The Survivors Network of those Abused by Priests
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For more information:
SNAP to Pittsburgh Bishop: Abuse Victims Deserve Equal Time"
CLERGY ABUSE SURVIVORS QUESTION DIOCESE'S LARGE
The Survivors Network of those Abused by Priests (SNAP), an independent support group for clergy sexual abuse survivors, today sent a letter to Pittsburgh Roman Catholic Bishop Donald Wuerl urging him to provide SNAP free, full-page advertising space in the Diocesan newspaper, The Pittsburgh Catholic. The purpose of the ad is to inform clergy abuse survivors that they are not alone in their pain and that there is help and independent support available.
This request comes on the heels of Wuerl's purchase and production of a half-hour television commercial which aired last night at 7:30pm on KDKA TV2 (CBS). Wuerl, who hosted the commercial, discussed the clergy abuse crisis with a prominent church defense lawyer. SNAP calls the program "one-sided, shameless public relations" and criticized Wuerl for not including any victims on the show.
"Wuerl has proven he is capable of spending lots of money in the court of public opinion to discuss the clergy abuse crisis. As shepherd of the Pittsburgh flock, he sent a terrible message last night that clergy-abuse survivors are unworthy of being heard, and that everything in hunkey-dorey," said David Clohessy of St. Louis, SNAP's national director, "Such one-sided 'spin-control' commercials run counter to the message and teaching of Jesus."
"Wuerl should have used the thousands spent on this commercial on preventing future abuse," said Barbara Blaine of Chicago, SNAP's president. "If Wuerl sincerely wants to help abuse survivors, he will have no problem providing space in his paper to educate victims about our support group and the help we can provide."
A copy of SNAP's letter sent to Bishop Wuerl is below.
March 5, 2004
Most Reverend Donald W. Wuerl
Dear Bishop Wuerl:
We the Survivors Network of those Abused by Priests (SNAP) are deeply troubled that you would take the time, energy and effort to pay for and produce a half-hour television commercial on the clergy sexual abuse crisis.
Many survivors have struggled for years to have their voices heard by church leaders but were ignored. Survivors asked for help from bishops but were refused. Survivors seeking justice and healing were met with strong-arm legal tactics. Yet, you spent thousands of parishioners' donated dollars for a one-sided prime-time, self-serving TV ad. The money would have been better spent, of course, on abuse prevention. This sends a terrible message to clergy abuse survivors. And, adding insult to injury, not a single survivor participated in the program.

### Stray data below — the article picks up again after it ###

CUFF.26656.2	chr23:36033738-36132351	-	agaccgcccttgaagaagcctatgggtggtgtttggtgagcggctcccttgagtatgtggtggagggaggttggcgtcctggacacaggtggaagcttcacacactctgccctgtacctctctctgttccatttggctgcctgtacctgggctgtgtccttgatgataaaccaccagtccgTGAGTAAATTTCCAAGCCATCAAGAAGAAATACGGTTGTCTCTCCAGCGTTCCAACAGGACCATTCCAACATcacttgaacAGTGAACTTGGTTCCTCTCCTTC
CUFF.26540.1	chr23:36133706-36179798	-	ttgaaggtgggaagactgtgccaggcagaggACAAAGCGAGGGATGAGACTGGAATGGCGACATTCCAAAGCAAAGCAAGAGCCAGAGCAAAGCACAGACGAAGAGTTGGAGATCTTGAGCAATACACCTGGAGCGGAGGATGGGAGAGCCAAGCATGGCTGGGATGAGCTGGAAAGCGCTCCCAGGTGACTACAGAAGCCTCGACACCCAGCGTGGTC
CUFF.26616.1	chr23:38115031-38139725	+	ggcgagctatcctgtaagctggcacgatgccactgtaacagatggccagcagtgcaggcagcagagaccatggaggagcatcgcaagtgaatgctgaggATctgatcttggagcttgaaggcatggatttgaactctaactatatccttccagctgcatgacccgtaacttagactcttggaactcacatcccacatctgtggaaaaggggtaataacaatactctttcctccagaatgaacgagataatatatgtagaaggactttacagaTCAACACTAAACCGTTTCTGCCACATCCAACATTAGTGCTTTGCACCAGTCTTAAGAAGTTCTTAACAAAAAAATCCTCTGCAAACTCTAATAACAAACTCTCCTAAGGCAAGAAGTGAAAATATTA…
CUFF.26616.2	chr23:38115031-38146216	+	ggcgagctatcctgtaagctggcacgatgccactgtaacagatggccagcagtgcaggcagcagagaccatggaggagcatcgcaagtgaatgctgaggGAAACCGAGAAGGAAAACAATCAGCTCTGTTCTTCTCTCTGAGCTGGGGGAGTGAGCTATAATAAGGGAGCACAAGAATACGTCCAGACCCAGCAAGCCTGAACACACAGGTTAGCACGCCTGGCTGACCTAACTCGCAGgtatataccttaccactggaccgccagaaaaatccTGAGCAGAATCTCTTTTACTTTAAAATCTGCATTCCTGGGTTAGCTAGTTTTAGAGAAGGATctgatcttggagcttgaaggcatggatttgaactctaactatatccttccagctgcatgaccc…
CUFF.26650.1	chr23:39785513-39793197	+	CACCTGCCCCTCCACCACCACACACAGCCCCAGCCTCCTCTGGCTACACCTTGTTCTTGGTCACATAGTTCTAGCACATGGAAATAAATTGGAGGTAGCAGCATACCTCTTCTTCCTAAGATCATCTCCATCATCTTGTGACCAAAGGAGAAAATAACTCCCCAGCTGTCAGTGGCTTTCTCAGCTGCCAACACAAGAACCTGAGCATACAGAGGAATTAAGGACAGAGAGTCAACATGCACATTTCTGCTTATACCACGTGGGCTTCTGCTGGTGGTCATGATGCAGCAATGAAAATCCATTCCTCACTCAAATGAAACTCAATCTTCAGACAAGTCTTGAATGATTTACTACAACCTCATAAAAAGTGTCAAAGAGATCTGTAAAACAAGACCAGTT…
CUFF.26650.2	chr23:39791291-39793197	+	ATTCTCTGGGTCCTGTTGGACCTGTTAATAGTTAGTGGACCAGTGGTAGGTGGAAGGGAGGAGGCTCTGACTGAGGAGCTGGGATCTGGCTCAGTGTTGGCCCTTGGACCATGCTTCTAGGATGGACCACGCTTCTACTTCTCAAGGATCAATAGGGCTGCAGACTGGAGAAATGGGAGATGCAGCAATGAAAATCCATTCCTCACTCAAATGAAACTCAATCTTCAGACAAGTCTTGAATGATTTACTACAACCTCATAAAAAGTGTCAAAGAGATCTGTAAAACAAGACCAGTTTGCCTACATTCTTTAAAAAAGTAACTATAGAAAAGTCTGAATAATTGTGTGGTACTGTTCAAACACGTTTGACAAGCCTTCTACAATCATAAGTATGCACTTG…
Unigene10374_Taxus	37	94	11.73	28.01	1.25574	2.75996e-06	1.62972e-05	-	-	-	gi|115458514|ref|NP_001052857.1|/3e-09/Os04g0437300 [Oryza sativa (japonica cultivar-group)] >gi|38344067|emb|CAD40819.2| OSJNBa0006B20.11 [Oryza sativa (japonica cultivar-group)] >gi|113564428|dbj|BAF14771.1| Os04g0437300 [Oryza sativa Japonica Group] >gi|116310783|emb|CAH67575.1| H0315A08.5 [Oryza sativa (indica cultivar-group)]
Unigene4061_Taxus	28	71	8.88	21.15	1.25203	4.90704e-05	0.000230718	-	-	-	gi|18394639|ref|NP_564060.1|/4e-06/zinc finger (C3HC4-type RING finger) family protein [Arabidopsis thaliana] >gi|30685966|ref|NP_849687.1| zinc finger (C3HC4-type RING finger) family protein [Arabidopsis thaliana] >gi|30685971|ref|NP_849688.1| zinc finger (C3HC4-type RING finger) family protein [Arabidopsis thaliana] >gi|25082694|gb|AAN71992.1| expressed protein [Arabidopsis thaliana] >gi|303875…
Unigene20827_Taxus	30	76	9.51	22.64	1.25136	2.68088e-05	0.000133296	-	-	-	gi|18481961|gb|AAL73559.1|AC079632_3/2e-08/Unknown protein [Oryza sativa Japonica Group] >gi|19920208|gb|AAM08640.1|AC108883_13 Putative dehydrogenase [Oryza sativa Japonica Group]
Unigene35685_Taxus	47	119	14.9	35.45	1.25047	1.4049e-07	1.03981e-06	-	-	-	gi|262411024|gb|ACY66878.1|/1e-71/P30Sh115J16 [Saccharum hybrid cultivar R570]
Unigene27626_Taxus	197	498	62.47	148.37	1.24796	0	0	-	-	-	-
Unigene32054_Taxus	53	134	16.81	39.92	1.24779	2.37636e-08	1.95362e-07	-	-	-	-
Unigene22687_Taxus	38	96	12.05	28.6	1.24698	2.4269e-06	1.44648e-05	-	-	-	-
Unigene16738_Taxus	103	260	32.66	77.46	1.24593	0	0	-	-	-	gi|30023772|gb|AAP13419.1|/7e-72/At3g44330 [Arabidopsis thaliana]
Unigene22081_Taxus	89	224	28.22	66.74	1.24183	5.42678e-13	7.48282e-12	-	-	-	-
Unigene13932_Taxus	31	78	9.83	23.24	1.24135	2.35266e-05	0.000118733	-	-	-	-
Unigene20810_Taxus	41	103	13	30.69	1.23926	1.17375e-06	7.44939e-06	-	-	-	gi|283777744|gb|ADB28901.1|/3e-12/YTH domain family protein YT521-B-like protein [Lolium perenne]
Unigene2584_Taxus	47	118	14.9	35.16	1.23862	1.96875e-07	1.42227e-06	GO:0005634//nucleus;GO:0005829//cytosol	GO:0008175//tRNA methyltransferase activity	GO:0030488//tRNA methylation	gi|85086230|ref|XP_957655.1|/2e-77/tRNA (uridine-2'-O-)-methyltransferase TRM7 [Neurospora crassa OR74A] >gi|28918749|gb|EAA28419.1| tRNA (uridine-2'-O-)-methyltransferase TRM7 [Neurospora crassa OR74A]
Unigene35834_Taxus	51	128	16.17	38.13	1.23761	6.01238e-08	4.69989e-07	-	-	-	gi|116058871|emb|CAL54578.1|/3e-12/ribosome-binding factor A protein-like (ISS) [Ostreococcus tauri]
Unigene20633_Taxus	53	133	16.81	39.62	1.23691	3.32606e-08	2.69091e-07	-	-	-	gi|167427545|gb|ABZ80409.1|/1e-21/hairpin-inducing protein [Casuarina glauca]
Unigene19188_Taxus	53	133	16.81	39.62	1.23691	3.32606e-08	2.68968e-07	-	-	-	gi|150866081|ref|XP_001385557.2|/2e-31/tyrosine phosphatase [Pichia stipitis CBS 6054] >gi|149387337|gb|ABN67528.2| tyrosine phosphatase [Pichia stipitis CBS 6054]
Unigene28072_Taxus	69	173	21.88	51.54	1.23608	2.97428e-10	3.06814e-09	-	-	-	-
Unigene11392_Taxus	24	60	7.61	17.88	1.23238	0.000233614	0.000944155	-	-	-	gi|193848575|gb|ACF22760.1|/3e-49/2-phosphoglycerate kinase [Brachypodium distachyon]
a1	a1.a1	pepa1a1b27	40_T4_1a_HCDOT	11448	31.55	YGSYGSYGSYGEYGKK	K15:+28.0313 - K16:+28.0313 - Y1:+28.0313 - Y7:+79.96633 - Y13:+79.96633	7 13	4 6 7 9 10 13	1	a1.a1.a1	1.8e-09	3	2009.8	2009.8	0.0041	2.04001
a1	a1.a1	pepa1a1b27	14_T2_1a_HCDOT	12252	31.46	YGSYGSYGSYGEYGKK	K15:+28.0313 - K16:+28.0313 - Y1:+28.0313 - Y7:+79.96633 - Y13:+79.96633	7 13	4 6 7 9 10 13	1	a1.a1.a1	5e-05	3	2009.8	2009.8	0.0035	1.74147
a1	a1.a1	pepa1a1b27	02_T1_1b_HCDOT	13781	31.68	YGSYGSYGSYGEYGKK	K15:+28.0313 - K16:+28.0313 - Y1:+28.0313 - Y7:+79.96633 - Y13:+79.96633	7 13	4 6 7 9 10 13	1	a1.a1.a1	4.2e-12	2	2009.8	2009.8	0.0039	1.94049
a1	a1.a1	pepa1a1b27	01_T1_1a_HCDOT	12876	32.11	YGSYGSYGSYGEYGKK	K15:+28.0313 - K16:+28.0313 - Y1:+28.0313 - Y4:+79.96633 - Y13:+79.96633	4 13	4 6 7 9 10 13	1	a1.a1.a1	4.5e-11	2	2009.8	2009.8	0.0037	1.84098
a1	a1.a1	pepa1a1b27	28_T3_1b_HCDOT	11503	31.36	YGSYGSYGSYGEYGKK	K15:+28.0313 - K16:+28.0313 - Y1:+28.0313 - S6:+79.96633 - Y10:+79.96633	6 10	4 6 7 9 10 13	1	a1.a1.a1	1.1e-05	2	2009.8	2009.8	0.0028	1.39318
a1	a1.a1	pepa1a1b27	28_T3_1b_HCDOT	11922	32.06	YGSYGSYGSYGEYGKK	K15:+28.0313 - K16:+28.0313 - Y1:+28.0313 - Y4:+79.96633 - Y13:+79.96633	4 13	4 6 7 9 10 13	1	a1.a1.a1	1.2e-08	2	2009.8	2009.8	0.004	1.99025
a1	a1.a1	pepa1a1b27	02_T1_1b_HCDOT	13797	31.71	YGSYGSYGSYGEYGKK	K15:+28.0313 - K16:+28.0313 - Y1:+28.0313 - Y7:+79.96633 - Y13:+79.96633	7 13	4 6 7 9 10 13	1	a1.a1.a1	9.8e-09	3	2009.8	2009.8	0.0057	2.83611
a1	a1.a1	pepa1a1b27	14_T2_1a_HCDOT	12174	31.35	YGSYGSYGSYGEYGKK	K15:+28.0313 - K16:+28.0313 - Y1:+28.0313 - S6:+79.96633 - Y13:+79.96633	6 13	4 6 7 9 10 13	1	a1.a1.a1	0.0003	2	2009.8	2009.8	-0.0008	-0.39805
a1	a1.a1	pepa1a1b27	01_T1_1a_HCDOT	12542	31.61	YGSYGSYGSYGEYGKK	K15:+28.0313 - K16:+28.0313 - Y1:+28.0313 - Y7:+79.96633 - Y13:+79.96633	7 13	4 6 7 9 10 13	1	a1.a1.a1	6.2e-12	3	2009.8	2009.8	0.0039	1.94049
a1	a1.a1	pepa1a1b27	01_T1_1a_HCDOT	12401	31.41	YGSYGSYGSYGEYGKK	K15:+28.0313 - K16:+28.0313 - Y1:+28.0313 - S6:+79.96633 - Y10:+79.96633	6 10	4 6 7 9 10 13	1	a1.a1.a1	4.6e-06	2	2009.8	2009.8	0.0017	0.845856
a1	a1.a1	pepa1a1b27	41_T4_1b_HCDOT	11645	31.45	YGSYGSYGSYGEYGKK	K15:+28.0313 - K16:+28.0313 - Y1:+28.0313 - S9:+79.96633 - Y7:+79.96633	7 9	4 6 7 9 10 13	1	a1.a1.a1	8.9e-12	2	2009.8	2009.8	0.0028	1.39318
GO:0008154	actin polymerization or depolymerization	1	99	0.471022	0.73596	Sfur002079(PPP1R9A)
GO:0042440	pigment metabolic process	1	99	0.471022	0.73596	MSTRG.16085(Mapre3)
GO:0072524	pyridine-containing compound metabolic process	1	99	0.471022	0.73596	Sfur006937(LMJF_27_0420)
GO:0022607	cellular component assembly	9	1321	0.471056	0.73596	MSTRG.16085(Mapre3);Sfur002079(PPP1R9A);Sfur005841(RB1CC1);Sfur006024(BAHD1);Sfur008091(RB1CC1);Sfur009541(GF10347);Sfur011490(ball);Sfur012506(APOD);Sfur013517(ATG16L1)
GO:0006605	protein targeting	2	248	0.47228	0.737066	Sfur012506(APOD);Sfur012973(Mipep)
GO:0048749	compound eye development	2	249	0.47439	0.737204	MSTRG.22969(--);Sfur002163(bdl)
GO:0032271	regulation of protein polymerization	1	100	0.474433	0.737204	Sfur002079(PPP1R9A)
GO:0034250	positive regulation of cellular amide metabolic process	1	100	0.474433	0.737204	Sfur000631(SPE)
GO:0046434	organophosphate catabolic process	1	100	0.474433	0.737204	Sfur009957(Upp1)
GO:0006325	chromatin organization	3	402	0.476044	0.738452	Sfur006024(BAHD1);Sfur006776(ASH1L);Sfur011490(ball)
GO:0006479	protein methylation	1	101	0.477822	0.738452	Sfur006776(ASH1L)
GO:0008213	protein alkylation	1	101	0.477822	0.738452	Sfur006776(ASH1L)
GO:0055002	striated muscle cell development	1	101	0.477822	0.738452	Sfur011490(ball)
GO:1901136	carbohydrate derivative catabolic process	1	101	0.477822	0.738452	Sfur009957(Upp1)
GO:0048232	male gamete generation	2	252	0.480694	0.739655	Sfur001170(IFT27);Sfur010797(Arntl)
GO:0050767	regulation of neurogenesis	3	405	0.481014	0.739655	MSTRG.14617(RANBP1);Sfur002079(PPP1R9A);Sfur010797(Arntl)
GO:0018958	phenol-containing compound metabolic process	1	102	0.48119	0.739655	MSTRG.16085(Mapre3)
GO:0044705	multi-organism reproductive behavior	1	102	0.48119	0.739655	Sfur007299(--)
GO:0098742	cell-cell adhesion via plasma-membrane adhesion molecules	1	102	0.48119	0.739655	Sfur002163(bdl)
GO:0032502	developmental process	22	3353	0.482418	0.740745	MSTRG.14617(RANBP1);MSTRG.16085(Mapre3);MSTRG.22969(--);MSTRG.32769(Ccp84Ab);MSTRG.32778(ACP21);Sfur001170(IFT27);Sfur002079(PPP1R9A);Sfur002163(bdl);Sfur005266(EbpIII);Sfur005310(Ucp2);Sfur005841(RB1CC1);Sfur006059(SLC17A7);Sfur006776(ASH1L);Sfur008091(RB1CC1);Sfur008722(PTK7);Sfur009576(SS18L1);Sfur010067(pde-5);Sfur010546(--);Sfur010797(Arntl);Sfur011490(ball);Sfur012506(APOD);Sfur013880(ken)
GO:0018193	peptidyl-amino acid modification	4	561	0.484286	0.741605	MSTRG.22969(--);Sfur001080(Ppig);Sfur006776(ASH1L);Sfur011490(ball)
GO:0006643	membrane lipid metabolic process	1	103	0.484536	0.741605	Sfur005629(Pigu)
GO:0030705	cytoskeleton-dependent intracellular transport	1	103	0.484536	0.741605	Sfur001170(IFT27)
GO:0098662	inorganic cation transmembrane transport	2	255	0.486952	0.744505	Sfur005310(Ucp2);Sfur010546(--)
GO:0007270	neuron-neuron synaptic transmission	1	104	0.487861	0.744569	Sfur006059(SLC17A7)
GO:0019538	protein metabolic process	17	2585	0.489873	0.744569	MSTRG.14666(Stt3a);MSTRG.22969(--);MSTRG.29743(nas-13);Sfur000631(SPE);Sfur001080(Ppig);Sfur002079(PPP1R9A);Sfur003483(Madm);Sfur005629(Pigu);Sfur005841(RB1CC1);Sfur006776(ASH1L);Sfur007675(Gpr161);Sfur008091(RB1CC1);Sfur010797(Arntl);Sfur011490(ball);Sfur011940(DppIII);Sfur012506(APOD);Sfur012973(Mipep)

Further, we at SNAP are concerned that the program will discourage and intimidate clergy abuse survivors who have yet to come forward. It is unacceptable for you to talk about this crisis and fail to mention that there is independent help and support for survivors.
As a matter of justice, and to help provide wounded men and women with independent support, we are therefore asking that you provide a free full-page advertising space for SNAP in upcoming editions of the Pittsburgh Catholic. It is crucial that survivors of clergy abuse in the Diocese of Pittsburgh know they are not alone and that there is confidential peer support available.
You have proven you are not afraid to spend thousands to influence the court of public. Now, please show that you care about abuse victims who remain trapped in silence, shame and self-blame. Help them find help.
It should be no problem to provide this free ad space to SNAP. Further, allowing equal time to clergy abuse survivors would go a long way in showing the Pittsburgh community your sincerity in trying to provide healing to clergy abuse survivors.
Finally, we urge you in the future to spend less time on "spin control" and more time working with survivors, mental health professionals and law enforcement officials to insure that child molestation at the hands of clergy happens less often.
We look forward to your prompt response.
Survivors Network of those Abused by Priests